When faced with complex issues in the organization, leaders sometimes feel they are wrestling with multiple problems alone, and this is hard. But leaders who recognize that they are connected to others know they do not have to work everything out by themselves. Confronting large (and even small) issues in the organization, they have allies.
Effective leaders are never alone. Leaders can build many close, elegant relationships at work. Those who take the time to build them know they can always ask for help. Leaders who cultivate strong relationships can talk and work with others to create fresh approaches to challenging tasks.
When people get discouraged they often feel powerless and isolated. These feelings are rooted in old patterns learned early in life. As adults, people in organizations are seldom truly alone and without power. Think of the relationships you have in your organization, with people who are good sounding boards and fellow travelers on the journey.
Western management and people-development practices often don’t work well in Asia. There are a number of areas to modify to fit better with local cultural practices and behavior when working in East Asia. I’ve outlined some generic areas for consideration. It’s also important to look at country-specific norms. Each country is different and each individual is also different.
- Religion — Spiritual beliefs are central to the ways of doing things in many parts of Asia.
- Pace of change – Slower in Asia. More time is needed to get people aligned.
- Family – The family unit is the primary unit. The extended family, the clan, the language or dialect group are all important. Effective managers know about the personal lives of their team members and help each person to be successful in family life.
- Learning style – More rote learning than ‘creative learning.’ In China, Japan and Korea, learning how to read and write characters inculcated a mastery of technical aspects prior to creativity.
- Business, economic and political environment – Extremely varied in Asia. Each country is different and often localities are also different.
- Collective – the group is more important than the individual. People norm to the group. Transformative potential is in the group.
- Hierarchy – Seniors and elders are respected and their face is the face of the group. Seniors are expected to take care of juniors. Juniors norm to the views of seniors. Managers find it harder to ‘empower’ people and tend to want things to be done their way. Titles are important symbols and give people face.
- Relationship orientation – People form relationships and through them accomplish tasks. Establishing group networks and reinforcing a sense of belonging to groups (the workgroup, a factory, alumni groups) motivates people. Position people when they are new to roles or are being introduced. Building trusting relationships is the foundation for success.
- Consensus and harmony – it’s important for everyone to give input, understand and then norm to the prevailing view.
- Face – give and maintain face. Find alternatives so that people can decline without saying ‘no.’ Don’t put anybody in a position where they might be in the wrong or look foolish in front of others.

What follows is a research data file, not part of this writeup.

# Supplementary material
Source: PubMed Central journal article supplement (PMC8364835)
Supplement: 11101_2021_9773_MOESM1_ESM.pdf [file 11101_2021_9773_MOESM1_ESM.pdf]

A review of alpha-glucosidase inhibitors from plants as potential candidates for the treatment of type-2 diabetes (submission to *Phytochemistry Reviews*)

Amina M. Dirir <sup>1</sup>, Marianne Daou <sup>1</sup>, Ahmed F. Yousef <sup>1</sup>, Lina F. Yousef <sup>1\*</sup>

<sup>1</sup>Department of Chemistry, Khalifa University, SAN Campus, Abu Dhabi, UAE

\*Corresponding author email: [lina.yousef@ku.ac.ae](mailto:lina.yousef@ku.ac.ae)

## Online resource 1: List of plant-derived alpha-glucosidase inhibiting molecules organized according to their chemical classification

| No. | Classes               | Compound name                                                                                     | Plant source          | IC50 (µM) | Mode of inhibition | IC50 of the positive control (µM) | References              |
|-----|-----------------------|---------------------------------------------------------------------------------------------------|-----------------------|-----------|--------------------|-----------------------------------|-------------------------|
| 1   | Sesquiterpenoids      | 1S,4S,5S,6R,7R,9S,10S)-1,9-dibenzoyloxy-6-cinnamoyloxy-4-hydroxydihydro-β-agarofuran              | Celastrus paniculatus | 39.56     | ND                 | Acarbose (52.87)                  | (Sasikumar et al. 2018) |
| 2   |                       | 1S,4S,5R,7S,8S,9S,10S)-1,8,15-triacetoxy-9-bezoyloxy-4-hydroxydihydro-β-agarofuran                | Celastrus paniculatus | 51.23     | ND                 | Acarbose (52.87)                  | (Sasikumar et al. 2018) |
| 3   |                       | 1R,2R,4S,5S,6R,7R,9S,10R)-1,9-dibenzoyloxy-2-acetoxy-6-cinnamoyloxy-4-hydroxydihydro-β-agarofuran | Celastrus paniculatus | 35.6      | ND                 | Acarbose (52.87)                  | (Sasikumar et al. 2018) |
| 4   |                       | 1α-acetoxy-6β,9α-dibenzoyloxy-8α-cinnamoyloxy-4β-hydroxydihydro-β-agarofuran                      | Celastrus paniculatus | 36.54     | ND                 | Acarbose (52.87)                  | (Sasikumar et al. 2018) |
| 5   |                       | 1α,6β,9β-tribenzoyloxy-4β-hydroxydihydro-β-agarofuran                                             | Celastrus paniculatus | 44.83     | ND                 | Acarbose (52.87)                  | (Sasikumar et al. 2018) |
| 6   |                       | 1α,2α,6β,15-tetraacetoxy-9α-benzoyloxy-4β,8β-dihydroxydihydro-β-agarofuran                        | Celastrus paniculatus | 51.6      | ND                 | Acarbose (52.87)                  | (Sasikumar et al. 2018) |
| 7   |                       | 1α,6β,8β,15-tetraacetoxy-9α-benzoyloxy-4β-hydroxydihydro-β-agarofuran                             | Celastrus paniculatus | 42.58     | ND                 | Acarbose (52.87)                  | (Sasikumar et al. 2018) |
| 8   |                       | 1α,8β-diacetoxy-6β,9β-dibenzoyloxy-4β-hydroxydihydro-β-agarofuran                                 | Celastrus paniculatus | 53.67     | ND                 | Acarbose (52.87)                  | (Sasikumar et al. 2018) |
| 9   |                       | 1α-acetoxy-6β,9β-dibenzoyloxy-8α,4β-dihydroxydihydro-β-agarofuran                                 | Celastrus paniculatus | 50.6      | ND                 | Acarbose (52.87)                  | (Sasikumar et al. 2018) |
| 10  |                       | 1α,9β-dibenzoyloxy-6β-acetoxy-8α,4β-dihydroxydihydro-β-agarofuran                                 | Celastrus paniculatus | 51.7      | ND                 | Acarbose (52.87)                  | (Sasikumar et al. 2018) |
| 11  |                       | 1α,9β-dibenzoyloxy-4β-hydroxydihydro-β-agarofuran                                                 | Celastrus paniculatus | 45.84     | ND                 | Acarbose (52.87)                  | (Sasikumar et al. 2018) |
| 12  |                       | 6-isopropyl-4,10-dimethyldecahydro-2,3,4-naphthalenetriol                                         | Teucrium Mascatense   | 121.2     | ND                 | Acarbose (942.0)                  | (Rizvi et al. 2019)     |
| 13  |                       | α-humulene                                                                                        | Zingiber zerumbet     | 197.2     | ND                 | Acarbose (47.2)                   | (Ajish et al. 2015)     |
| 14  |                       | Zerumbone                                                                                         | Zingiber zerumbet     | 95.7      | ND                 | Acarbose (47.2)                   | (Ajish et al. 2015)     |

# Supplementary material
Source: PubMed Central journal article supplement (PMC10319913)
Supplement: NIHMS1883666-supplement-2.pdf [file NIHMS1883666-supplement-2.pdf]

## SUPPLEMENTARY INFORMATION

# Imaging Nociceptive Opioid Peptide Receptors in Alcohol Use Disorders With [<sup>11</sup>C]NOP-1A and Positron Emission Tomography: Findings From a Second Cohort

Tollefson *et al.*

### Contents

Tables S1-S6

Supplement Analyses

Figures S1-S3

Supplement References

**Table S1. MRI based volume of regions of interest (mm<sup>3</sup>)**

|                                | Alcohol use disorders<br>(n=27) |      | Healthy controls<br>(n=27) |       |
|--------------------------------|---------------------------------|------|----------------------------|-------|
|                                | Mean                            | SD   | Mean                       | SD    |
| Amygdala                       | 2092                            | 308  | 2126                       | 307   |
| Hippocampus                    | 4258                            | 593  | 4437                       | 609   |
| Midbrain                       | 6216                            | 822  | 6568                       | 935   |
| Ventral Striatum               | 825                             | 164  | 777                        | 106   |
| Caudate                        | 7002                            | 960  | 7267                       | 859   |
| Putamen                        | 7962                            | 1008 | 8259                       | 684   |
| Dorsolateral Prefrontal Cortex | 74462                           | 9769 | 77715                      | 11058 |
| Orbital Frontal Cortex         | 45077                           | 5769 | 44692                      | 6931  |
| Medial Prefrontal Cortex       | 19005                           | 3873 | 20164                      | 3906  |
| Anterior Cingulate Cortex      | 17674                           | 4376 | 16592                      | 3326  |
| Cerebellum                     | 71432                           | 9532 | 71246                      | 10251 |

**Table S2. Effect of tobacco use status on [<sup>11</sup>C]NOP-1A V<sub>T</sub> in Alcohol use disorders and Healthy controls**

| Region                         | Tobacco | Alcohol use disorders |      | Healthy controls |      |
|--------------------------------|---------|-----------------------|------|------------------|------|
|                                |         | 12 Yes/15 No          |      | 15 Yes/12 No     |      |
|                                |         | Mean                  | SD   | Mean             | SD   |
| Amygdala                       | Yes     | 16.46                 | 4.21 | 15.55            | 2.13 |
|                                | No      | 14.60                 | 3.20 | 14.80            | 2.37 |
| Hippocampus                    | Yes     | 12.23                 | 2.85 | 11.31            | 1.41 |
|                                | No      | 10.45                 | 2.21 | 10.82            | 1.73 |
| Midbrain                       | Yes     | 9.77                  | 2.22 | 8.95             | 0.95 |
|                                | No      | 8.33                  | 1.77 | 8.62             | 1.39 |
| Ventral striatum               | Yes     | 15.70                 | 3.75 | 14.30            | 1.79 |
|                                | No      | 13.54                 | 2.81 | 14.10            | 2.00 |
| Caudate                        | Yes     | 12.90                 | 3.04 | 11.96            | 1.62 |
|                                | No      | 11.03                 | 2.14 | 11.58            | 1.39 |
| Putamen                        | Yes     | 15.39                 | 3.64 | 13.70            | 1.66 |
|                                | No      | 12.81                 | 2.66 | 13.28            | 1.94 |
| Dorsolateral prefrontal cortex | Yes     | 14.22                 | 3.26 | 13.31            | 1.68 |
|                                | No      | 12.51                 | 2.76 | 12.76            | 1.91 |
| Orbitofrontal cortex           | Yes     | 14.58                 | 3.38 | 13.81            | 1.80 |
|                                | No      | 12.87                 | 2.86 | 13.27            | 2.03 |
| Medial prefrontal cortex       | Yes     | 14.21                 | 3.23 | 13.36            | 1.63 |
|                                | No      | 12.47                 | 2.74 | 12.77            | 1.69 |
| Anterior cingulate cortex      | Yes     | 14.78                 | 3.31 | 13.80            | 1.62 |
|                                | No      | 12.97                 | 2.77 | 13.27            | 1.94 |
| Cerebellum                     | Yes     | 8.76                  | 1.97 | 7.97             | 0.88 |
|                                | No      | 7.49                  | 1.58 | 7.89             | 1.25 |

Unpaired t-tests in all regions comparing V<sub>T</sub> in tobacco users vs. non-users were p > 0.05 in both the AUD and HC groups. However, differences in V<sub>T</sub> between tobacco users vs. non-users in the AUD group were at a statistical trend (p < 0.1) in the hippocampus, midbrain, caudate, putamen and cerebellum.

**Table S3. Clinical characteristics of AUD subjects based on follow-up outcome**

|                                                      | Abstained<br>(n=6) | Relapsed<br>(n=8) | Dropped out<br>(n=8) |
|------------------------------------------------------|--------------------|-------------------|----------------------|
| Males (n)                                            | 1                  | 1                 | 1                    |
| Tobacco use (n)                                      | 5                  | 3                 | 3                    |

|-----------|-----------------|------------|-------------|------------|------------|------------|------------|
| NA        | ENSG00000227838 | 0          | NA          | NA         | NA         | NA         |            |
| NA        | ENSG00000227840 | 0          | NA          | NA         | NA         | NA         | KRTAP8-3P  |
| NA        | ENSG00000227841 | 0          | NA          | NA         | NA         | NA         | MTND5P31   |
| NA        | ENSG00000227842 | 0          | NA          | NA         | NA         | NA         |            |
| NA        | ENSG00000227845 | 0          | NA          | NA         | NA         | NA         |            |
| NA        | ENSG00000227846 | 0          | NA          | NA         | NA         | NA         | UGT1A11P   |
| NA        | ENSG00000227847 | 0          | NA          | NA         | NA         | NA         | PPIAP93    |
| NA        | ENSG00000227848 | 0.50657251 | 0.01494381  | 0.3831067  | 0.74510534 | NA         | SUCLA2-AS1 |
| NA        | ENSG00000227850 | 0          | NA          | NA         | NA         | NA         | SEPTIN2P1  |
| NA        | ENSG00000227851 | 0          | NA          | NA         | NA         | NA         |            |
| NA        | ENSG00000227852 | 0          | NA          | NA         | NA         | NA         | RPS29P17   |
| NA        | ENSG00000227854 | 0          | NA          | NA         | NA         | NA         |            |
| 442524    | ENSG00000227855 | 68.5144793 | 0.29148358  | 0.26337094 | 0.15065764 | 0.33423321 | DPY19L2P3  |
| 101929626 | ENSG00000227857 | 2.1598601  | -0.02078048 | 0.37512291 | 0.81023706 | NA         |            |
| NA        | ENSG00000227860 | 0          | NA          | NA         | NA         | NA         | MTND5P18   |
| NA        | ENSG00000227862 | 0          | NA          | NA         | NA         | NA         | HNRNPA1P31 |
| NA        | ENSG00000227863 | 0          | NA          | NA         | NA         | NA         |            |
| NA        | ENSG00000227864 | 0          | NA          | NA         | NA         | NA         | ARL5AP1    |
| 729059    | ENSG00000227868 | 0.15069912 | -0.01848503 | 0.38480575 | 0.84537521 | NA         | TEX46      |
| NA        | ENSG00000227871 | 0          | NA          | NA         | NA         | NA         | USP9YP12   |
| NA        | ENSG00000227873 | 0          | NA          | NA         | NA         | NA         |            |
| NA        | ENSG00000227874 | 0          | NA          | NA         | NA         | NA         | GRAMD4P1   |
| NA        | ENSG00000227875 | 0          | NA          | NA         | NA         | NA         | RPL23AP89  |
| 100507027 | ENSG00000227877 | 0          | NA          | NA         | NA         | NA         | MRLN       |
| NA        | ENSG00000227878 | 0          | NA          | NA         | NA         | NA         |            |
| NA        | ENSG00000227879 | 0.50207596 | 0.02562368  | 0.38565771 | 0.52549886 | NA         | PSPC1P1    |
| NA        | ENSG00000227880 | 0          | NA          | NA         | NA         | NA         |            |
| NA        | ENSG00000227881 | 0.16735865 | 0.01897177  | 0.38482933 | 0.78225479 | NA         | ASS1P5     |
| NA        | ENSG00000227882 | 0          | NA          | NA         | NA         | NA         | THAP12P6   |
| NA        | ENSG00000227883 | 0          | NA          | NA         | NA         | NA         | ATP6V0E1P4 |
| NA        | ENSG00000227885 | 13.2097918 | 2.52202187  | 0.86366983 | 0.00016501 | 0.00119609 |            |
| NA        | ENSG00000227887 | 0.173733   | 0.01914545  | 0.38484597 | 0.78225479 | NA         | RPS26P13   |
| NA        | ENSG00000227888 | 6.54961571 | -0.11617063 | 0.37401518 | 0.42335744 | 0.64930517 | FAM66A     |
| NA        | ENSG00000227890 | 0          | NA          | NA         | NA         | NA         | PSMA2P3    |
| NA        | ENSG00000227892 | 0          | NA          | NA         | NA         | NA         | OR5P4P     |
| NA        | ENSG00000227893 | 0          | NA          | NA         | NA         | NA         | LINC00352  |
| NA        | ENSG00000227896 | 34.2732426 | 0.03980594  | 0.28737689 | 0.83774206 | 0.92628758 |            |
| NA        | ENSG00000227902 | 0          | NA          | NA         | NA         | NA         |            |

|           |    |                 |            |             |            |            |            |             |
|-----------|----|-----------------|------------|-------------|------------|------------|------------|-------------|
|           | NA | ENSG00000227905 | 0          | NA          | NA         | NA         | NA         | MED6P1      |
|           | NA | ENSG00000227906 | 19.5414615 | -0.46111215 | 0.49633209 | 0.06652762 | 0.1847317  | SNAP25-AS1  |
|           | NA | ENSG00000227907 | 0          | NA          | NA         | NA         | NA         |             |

Interventions that work, from projects to retention practices to learning and development initiatives, tend to take Asian values into account.
Work to consciously appreciate those around you, especially those with whom you want to cultivate one-on-one relationships.
Any time you find your mind being filled with a lot of mental chatter, taking you away from the present moment, pause to think with appreciation about things in your life.
- As you go through the day, pause to note what you appreciate about someone in particular.
- When it seems appropriate, make an appreciative comment.
- Let feelings of appreciation take hold.
Reflect on the effects of appreciation
As you begin to practice appreciation, take time to notice:
- Do your attitudes toward other people and the manner of your connections change?
- Do you notice that other people’s attitudes and the manner of their connections have changed?
- Does the discipline of appreciation change how you go through the day—how you work, play, and rest?
- Do you have more or less patience? Do you feel more or less stressed? Do you have more or less energy?
(Some questions adapted from Rao, S. Srikumar, Are you Ready to Succeed?, New York: Hyperion, 2006. p. 96)
Once you begin the practice of appreciating the world, your work, and your place in it, you may discover that old resistances drop away and you have new energy and strategies for being the best you can be.
For example, when I began this discipline I realized I became more relaxed. I had much more patience for people doing things in different ways. I felt less stressed. My husband commented that I was much easier to live with. He wanted me to keep up this practice. Over time I became much better at building relationships. I feel more deeply relaxed and joyful every time I have conversations with people which are based on this attitude.
All of my coaching conversations are based on this attitude. Some clients need to learn this. They report that they feel that they feel less pressure, enjoy people more and have more patience. People around them are not only more relaxed, they are also more effective.